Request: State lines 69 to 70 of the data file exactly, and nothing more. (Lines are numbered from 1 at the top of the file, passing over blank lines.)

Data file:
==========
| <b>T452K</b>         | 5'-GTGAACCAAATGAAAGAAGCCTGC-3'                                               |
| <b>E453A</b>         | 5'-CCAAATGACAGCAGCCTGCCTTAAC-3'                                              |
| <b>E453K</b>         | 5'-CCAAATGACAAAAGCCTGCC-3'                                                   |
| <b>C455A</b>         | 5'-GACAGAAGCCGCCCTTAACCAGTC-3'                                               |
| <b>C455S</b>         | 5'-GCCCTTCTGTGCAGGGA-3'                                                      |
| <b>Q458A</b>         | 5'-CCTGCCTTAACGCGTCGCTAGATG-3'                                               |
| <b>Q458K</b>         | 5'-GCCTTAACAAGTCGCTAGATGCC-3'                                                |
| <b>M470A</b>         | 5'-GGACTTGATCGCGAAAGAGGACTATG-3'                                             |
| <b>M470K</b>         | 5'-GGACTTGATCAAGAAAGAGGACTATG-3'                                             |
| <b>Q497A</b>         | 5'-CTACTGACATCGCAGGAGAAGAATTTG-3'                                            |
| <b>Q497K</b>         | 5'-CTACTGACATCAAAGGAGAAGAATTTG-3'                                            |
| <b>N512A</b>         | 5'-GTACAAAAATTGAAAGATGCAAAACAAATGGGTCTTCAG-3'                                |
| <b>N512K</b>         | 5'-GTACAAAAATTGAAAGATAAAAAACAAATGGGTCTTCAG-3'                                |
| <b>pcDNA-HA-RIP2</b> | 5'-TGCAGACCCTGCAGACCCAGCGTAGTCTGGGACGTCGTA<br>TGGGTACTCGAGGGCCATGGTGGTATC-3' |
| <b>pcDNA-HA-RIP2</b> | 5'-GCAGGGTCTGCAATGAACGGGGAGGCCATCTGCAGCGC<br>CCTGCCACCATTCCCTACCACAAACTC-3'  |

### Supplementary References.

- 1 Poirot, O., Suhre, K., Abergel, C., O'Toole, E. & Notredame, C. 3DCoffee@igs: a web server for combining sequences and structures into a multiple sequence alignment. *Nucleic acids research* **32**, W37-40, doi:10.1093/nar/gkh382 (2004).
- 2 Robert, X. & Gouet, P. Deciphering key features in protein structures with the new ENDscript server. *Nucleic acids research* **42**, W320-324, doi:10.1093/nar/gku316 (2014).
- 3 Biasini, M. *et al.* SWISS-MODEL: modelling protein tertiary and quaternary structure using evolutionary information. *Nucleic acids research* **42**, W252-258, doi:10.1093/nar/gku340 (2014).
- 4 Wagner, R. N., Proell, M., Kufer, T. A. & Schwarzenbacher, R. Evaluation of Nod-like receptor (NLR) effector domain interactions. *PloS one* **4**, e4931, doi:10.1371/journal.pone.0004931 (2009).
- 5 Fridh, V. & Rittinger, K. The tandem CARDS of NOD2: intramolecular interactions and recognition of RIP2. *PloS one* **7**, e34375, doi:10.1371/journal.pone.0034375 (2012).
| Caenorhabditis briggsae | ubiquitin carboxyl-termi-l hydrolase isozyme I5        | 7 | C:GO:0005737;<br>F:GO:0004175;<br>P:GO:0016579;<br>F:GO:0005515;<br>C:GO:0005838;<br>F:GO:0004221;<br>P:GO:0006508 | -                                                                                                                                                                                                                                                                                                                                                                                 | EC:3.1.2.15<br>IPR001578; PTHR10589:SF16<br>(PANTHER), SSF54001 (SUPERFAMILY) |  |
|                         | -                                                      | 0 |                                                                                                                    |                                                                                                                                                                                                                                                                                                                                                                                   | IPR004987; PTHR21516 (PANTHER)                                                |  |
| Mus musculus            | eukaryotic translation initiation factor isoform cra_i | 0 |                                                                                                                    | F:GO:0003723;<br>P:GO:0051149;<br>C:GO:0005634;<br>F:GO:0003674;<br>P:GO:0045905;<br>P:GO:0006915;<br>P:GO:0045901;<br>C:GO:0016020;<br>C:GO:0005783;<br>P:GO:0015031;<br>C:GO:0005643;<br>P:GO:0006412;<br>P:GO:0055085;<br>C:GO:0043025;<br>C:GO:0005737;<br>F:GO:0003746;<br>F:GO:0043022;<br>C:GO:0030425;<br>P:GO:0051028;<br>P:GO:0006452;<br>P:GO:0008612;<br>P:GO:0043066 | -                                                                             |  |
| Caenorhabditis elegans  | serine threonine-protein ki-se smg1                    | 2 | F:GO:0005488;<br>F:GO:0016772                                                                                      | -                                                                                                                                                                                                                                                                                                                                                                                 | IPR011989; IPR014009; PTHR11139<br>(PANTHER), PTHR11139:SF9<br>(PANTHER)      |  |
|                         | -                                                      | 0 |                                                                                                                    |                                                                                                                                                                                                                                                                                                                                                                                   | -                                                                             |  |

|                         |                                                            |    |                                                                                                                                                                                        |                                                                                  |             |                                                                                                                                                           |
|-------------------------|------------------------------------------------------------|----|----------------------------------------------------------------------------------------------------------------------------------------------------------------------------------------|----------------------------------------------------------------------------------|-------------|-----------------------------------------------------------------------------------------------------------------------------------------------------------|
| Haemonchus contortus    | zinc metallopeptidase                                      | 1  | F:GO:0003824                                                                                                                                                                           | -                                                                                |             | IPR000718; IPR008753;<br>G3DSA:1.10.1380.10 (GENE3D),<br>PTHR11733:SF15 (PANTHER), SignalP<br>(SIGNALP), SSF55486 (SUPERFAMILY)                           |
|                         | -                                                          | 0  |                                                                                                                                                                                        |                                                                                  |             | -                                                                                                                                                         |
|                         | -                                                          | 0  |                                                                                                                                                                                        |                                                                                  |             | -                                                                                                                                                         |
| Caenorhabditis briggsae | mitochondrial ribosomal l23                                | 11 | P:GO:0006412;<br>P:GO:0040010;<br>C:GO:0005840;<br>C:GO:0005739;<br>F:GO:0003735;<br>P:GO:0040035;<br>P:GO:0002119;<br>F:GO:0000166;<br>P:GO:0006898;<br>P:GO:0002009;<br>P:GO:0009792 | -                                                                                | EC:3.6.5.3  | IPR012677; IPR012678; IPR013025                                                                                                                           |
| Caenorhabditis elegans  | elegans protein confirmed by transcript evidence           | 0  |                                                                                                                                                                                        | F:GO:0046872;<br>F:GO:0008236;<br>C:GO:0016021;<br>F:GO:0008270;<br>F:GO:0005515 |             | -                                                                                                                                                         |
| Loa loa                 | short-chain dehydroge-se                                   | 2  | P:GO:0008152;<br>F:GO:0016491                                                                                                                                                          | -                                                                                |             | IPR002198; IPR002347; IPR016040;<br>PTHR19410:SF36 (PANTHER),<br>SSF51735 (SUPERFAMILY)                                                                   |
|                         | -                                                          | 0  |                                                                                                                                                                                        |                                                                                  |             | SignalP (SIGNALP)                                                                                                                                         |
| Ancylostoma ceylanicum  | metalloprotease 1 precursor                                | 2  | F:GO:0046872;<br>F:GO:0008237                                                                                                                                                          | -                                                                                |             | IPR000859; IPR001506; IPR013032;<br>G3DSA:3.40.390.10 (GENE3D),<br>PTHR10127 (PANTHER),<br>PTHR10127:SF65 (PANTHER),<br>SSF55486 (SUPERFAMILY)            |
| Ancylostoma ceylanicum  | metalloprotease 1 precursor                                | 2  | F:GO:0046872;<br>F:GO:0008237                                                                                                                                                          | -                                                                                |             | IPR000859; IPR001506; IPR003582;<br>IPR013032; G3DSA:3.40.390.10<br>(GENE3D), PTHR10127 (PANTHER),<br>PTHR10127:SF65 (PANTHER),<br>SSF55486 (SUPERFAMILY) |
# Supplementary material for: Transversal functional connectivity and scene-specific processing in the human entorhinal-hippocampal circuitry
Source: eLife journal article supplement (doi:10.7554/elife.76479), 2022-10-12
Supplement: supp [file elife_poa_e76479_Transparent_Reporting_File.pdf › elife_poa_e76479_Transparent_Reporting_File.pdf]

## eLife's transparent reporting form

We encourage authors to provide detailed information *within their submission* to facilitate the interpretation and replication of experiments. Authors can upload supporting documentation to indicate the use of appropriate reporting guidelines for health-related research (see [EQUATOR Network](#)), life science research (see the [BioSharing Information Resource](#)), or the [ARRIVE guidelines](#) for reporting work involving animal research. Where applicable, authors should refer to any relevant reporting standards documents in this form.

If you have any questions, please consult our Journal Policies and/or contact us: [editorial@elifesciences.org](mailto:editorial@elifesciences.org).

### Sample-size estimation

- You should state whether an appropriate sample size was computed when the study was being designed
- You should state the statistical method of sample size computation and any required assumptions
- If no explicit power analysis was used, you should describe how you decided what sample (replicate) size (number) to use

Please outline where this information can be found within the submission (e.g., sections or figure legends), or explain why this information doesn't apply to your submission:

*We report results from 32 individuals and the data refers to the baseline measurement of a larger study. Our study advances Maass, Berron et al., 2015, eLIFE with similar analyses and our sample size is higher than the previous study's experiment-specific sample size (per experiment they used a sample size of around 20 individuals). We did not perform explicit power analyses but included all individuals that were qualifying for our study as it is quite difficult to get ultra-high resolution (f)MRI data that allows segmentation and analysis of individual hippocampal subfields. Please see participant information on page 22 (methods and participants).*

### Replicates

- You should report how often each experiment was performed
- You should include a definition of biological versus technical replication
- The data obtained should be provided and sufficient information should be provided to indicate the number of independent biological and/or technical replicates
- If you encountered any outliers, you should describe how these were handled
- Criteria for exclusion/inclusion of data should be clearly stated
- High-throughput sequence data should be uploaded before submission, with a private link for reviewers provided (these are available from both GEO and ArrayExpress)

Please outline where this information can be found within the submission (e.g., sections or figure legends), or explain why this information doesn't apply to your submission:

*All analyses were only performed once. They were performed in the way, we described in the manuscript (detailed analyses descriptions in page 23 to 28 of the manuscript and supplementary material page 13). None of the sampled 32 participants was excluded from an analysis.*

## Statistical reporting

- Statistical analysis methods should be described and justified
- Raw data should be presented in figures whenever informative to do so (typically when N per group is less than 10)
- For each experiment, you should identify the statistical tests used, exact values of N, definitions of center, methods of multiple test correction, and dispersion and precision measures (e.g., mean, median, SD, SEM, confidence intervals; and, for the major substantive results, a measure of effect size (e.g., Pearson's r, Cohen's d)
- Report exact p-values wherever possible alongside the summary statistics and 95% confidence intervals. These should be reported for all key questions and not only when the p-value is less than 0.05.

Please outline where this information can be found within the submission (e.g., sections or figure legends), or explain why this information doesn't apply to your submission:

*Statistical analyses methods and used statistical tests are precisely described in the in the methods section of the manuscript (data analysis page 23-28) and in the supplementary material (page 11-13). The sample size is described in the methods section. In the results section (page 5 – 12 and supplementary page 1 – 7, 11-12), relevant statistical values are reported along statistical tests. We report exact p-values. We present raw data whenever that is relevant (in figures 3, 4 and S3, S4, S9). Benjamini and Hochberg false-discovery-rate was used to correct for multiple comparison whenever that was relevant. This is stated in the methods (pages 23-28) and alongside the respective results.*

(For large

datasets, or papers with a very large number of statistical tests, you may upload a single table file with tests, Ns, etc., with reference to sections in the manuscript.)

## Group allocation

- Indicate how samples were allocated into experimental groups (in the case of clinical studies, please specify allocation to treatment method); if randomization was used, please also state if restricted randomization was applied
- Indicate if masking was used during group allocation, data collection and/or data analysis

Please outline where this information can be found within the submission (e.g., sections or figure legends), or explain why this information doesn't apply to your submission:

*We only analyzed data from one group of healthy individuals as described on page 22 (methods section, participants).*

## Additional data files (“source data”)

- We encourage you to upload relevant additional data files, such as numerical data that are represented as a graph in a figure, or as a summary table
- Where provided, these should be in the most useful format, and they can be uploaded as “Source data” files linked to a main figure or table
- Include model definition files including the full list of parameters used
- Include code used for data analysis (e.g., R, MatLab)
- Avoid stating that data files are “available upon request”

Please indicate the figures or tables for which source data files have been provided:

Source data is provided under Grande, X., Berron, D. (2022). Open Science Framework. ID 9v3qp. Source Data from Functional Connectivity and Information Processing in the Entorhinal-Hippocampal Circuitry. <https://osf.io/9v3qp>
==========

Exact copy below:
- Indicate how samples were allocated into experimental groups (in the case of clinical studies, please specify allocation to treatment method); if randomization was used, please also state if restricted randomization was applied
- Indicate if masking was used during group allocation, data collection and/or data analysis